Among those who have a phobia, about 22 percent are severe, according to the National Institute of Mental Health, and the average age when a phobia begins is seven years old. Yet only about a third of those who have a serious phobia are receiving treatment each year.
While the object or situation that unsettles a person might vary, the treatment options are similar or identical regardless of the actual phobia. The two primary ways to treat phobias - often used together - are medications and behavior therapy.
“Treatment for phobias can involve behavioral therapy, which entails systematic de-sensitization," said Dr. Britta Ostermeyer, an associate professor of psychiatry and family community medicine at Baylor College of Medicine and chief of psychiatry at Ben Taub General Hospital. "In therapy, patients will gradually confront their fear, until their anxiety is gone."
The goal of this kind of desensitization, also called exposure therapy, is to gradually change a person's response to an object or situation that they fear.
While this sounds like a scary process itself, professionals will work with someone to very slowly confront these fears. A person with a fear of flying, for example, may move from talking about flying to looking at photos of airplanes to visiting an airport to eventually sitting in a model or real airplane - all before actually taking a flight.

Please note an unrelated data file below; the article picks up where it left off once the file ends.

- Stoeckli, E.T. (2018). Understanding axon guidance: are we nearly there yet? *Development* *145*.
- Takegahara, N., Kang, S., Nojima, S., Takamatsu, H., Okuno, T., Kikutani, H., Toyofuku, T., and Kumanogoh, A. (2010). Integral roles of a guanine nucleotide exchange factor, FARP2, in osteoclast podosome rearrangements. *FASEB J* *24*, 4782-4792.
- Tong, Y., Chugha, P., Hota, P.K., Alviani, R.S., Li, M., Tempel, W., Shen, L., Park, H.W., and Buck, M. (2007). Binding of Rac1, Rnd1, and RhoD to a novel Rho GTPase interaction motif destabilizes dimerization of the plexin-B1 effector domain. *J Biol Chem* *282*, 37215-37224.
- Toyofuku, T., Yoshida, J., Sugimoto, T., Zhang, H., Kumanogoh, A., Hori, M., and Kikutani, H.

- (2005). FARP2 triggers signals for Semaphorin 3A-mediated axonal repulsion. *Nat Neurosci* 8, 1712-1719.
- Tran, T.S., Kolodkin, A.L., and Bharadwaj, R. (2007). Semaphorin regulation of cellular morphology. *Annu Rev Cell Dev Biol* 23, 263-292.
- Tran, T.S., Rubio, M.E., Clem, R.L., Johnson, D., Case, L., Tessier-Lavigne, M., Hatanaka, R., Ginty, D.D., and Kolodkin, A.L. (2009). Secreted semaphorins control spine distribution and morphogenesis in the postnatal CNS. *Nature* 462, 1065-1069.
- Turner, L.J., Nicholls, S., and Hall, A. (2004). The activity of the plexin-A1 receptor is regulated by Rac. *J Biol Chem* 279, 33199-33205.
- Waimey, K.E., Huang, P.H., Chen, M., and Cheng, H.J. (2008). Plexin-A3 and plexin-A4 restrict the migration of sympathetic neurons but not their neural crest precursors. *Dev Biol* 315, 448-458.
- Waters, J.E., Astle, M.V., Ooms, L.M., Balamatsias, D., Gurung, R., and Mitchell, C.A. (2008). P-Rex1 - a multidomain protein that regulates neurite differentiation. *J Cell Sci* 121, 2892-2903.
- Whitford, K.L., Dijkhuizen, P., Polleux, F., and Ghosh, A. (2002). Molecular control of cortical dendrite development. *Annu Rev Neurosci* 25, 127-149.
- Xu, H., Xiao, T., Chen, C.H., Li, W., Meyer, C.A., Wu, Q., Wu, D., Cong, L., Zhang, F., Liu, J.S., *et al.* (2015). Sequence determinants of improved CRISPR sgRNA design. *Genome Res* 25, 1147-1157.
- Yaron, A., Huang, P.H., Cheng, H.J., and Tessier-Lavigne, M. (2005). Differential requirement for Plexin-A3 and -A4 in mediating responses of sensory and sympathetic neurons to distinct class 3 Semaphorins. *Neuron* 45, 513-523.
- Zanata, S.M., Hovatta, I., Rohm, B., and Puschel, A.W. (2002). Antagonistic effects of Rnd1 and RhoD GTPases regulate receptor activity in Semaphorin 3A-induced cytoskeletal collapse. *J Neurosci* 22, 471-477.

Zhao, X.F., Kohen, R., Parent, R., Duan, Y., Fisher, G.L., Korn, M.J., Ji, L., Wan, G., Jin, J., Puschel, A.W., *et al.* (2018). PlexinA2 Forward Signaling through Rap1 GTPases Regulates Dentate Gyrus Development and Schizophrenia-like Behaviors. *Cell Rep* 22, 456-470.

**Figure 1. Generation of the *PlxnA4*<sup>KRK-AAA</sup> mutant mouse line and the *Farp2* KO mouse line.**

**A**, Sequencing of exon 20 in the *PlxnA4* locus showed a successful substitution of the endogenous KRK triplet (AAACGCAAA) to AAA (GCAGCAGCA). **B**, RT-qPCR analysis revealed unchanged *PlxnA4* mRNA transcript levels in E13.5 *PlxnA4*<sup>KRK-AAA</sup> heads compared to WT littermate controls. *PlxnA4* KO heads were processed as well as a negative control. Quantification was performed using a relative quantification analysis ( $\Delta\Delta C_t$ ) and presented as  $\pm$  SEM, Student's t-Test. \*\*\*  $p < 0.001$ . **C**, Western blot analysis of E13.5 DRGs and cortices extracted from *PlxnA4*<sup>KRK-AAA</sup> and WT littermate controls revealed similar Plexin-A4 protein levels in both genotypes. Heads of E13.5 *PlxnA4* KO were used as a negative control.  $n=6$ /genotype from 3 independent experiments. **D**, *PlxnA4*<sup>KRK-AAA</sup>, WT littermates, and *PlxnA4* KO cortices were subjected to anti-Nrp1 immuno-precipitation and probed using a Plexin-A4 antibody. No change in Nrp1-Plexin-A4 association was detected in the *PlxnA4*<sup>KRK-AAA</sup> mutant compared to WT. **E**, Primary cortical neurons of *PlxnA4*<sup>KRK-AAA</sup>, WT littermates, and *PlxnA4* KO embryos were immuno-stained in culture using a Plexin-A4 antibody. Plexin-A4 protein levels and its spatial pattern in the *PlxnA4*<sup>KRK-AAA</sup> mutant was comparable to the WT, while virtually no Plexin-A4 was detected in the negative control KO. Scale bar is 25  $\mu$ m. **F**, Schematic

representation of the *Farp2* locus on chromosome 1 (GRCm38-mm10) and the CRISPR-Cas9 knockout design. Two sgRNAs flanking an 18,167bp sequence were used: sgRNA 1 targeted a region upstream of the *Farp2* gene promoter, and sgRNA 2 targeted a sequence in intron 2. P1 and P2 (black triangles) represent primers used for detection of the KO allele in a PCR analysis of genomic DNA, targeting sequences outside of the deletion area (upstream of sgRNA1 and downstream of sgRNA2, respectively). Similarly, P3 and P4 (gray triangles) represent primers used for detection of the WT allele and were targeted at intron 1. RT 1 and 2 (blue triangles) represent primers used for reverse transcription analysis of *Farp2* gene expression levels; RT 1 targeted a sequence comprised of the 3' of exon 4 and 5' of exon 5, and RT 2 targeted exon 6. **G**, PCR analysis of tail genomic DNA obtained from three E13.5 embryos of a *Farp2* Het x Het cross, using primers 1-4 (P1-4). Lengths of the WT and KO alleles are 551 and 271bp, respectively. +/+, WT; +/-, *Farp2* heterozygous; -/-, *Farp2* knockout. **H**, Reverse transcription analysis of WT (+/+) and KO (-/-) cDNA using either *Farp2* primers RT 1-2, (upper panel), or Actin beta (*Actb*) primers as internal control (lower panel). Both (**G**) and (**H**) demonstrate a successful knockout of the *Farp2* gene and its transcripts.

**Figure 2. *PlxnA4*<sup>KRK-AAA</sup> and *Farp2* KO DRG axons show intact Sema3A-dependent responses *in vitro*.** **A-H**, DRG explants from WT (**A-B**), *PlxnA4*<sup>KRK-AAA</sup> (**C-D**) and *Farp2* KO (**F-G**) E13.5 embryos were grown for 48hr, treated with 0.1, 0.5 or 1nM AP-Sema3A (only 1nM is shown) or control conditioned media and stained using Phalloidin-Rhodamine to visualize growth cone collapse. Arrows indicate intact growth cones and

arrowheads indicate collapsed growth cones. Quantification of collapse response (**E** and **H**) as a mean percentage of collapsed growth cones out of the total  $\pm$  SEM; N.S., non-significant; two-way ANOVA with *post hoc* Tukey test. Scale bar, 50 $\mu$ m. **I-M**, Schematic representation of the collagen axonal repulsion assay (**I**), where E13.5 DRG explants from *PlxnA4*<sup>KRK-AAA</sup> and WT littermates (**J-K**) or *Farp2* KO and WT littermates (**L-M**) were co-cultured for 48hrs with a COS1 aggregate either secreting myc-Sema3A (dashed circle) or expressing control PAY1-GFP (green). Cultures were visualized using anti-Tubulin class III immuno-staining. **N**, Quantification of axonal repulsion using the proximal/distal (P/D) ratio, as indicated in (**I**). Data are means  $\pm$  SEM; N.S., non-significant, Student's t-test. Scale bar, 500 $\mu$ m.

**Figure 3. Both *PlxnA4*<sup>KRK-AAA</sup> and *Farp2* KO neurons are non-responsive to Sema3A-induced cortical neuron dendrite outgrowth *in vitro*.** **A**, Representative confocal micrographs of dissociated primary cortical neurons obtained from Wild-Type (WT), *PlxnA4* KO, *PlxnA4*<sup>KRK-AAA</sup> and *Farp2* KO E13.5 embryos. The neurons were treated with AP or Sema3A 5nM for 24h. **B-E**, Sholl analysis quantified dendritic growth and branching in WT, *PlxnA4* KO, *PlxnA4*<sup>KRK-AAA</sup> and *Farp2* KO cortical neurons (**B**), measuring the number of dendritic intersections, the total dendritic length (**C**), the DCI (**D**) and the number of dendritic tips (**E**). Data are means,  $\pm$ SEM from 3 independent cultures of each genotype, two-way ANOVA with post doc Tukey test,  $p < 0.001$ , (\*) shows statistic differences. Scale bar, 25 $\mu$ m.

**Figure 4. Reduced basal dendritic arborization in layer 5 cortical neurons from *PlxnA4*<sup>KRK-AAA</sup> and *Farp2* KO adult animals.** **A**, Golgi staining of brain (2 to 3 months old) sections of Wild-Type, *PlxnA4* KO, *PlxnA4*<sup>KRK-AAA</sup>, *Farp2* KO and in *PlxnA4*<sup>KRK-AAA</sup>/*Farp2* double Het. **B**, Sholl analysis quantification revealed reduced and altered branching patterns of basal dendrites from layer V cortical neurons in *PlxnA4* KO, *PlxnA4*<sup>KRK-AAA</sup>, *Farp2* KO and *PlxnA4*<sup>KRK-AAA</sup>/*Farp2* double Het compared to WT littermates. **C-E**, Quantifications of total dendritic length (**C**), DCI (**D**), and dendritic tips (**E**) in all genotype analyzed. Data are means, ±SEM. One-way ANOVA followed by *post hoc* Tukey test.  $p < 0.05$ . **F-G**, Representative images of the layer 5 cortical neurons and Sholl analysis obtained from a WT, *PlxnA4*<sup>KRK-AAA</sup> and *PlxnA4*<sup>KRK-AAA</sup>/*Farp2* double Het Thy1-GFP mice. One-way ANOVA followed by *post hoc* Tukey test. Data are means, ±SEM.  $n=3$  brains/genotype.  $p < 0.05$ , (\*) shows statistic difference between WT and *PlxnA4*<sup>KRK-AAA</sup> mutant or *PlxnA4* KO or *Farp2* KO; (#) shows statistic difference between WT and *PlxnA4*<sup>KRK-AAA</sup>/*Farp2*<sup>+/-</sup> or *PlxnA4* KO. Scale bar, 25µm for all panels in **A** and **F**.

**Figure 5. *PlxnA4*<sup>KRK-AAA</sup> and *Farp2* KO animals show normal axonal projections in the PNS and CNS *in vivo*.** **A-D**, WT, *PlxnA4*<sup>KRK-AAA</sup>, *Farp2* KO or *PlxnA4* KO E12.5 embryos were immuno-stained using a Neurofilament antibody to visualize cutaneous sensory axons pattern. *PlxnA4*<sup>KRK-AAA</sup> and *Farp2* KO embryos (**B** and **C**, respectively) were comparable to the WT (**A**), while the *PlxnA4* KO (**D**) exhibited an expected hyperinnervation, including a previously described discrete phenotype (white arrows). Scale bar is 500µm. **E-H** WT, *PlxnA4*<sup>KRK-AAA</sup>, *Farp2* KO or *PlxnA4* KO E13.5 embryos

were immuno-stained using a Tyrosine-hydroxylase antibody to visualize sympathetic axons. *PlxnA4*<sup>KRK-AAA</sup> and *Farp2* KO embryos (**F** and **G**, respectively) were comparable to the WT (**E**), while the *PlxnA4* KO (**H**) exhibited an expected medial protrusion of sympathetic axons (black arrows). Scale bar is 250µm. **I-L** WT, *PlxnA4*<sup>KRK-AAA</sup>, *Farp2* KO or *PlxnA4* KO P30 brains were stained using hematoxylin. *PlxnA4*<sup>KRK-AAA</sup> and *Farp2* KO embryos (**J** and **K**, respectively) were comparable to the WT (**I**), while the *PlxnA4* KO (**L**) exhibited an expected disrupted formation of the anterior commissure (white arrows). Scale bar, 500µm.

A person with a fear of spiders might first draw their own pictures of spiders, then look at images of cartoon spiders, then view photos of real spiders, then hold a spider toy and then finally look at a real but dead spider in person.
A more comprehensive form of therapy is cognitive behavior therapy, in which a person works with their mental health professional to learn new ways to perceive and cope with their fears.
A hallmark of cognitive behavior therapy, according to the Mayo Clinic's information on treating phobias, is to empower people to have more control over their thoughts and feelings after they have learned how their beliefs impact their lives.